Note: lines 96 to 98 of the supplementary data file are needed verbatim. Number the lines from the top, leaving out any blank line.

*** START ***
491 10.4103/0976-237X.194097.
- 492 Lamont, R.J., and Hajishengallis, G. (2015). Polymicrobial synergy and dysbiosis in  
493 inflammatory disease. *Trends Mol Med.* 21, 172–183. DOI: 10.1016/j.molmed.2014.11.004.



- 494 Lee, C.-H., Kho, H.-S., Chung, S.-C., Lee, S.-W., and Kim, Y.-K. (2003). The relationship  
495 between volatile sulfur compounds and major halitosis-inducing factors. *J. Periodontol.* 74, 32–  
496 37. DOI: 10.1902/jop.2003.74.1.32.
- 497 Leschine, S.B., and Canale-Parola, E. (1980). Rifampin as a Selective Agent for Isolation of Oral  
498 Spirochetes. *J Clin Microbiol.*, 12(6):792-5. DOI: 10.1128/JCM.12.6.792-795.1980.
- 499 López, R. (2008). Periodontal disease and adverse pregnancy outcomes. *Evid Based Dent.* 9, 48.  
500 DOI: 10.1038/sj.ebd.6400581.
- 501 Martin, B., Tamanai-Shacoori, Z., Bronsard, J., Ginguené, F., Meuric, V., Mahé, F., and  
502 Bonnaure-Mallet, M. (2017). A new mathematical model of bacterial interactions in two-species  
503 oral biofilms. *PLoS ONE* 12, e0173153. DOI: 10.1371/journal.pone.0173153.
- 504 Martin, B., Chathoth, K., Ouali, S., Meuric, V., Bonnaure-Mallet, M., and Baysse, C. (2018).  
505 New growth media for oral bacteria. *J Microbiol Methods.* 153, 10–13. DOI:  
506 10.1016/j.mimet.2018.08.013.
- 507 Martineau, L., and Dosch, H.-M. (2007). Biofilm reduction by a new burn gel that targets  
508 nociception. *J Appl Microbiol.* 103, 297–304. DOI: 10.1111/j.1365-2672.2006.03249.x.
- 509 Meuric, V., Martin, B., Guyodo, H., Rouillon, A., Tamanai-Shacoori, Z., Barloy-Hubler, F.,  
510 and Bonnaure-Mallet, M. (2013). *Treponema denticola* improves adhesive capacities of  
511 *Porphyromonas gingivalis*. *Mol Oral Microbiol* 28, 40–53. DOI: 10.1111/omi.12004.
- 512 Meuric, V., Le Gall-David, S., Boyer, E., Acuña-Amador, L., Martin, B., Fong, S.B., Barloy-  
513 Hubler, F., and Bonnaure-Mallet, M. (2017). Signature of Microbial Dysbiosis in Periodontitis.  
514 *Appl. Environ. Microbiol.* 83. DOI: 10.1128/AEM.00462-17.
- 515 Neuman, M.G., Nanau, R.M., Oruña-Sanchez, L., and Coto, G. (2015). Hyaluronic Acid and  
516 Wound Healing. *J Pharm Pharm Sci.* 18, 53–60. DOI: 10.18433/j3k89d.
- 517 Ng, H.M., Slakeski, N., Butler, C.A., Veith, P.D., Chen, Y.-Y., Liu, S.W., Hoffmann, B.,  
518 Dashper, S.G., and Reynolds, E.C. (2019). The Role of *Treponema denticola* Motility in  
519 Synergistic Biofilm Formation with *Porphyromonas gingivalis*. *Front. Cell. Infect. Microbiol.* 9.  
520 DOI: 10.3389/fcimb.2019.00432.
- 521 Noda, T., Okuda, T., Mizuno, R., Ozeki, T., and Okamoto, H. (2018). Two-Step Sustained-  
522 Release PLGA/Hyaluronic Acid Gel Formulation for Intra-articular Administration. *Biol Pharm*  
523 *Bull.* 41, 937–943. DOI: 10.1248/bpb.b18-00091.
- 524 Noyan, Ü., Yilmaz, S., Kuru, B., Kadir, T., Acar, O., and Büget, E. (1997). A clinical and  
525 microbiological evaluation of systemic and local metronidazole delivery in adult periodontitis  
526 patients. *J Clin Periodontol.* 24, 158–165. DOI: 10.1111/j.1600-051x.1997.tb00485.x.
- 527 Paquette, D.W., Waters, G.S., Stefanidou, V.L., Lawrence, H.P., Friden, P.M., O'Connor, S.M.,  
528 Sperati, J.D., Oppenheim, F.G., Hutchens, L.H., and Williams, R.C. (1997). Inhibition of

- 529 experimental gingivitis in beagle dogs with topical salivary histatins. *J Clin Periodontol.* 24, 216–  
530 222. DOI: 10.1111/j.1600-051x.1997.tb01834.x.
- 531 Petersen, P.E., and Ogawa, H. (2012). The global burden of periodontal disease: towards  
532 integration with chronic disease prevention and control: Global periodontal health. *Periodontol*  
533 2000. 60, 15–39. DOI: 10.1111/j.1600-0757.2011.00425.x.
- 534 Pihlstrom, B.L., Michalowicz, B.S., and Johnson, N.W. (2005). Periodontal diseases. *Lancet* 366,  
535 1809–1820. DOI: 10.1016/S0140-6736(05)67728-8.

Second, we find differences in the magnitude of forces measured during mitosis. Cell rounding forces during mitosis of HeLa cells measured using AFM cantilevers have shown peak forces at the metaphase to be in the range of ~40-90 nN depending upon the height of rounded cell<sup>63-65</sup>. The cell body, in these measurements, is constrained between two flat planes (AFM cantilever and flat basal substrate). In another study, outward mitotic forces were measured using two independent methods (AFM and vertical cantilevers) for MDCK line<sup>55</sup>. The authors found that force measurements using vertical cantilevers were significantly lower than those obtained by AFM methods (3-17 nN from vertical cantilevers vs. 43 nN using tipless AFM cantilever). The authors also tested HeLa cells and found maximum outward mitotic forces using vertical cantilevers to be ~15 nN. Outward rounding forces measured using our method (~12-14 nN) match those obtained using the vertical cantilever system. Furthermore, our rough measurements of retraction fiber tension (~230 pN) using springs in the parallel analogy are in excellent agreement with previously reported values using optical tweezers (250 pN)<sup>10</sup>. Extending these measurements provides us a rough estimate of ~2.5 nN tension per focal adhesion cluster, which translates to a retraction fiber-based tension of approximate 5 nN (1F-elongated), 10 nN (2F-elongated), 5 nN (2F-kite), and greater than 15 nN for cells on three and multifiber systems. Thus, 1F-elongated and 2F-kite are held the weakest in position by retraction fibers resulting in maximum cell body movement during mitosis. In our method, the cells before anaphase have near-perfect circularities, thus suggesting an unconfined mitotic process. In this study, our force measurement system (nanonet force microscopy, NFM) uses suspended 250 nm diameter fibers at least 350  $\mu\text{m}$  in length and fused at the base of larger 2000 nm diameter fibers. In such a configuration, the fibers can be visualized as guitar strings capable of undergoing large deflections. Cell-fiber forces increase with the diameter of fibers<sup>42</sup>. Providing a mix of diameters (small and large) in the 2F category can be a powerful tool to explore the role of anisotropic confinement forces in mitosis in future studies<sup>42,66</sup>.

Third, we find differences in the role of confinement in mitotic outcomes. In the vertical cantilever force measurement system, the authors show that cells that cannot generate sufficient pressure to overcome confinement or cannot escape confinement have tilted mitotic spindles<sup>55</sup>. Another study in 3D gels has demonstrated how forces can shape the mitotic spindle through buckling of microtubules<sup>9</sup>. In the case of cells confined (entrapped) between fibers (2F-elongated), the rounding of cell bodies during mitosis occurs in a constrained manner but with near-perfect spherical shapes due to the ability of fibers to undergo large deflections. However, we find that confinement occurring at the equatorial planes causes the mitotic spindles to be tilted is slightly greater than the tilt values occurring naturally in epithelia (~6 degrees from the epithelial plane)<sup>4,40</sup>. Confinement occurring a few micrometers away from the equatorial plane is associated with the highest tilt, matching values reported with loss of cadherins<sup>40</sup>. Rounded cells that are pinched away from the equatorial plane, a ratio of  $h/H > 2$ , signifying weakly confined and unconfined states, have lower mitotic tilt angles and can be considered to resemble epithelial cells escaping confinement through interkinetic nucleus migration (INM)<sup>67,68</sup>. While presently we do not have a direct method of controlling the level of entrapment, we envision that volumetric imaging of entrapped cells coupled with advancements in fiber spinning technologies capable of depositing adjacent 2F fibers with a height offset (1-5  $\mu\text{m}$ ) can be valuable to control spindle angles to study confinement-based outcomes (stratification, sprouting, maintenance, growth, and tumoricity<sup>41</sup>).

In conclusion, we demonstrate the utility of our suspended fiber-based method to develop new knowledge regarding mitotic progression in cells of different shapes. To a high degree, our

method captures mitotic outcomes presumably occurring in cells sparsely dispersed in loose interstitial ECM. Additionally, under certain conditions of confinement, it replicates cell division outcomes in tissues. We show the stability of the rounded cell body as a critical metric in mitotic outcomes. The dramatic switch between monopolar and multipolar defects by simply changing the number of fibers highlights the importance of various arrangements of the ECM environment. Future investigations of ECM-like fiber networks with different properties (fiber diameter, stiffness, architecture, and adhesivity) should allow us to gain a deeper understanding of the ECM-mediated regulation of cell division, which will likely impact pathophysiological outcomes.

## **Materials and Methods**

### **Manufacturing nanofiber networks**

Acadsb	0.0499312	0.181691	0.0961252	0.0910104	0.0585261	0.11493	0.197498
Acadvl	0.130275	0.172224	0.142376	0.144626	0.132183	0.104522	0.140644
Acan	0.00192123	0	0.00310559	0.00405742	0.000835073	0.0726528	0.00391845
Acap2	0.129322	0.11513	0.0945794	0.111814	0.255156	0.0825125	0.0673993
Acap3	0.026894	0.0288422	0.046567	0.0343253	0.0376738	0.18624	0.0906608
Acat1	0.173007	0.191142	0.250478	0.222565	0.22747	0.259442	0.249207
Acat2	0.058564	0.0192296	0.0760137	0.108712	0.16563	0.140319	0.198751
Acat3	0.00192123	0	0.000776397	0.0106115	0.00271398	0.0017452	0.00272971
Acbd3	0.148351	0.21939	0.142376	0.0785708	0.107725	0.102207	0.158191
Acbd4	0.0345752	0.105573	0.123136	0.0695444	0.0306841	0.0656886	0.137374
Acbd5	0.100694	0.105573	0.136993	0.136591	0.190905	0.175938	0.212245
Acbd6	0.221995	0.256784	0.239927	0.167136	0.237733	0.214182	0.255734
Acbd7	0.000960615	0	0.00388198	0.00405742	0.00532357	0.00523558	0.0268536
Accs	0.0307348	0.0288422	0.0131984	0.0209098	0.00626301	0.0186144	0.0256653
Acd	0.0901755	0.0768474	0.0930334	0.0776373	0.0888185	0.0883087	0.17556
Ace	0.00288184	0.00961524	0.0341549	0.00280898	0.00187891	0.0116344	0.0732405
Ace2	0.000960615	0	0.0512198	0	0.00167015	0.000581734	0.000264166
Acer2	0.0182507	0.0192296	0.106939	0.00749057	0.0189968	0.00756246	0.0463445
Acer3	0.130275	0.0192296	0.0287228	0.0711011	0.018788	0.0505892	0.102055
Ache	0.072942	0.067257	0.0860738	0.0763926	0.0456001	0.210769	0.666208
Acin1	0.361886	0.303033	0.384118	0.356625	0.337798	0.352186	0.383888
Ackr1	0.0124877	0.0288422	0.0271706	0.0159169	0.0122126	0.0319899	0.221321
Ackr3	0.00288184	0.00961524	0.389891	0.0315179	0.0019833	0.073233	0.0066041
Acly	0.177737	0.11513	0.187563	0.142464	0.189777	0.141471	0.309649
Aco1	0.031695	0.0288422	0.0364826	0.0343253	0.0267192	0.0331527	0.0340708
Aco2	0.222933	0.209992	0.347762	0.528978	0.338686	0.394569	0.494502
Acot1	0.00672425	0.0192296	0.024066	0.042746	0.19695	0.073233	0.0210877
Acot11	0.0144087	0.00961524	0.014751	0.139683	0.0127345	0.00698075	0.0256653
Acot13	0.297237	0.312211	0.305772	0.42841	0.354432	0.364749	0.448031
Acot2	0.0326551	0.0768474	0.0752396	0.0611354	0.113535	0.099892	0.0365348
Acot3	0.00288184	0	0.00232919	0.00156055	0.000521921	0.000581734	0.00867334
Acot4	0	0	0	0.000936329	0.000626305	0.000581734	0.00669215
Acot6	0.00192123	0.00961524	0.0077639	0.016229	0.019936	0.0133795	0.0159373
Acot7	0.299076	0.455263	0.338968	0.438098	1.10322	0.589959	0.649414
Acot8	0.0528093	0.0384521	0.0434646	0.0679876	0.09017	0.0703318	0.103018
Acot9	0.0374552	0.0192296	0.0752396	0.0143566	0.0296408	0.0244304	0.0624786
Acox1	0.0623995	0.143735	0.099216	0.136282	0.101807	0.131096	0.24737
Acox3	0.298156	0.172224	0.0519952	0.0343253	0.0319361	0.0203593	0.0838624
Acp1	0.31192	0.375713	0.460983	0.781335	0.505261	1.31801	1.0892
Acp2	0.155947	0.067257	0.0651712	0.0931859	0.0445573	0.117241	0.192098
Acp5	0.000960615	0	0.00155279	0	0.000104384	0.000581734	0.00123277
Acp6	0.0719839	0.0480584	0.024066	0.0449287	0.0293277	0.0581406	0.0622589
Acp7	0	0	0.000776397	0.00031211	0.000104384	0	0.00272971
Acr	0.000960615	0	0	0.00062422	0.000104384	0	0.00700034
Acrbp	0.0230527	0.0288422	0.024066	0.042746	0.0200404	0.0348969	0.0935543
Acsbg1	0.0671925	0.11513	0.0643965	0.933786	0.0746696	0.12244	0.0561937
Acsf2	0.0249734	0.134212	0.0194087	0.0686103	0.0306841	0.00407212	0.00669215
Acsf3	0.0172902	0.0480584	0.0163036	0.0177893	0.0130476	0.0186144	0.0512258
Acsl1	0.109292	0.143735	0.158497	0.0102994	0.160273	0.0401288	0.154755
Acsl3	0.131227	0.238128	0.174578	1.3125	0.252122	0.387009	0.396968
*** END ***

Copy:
Acrbp	0.0230527	0.0288422	0.024066	0.042746	0.0200404	0.0348969	0.0935543
Acsbg1	0.0671925	0.11513	0.0643965	0.933786	0.0746696	0.12244	0.0561937
Acsf2	0.0249734	0.134212	0.0194087	0.0686103	0.0306841	0.00407212	0.00669215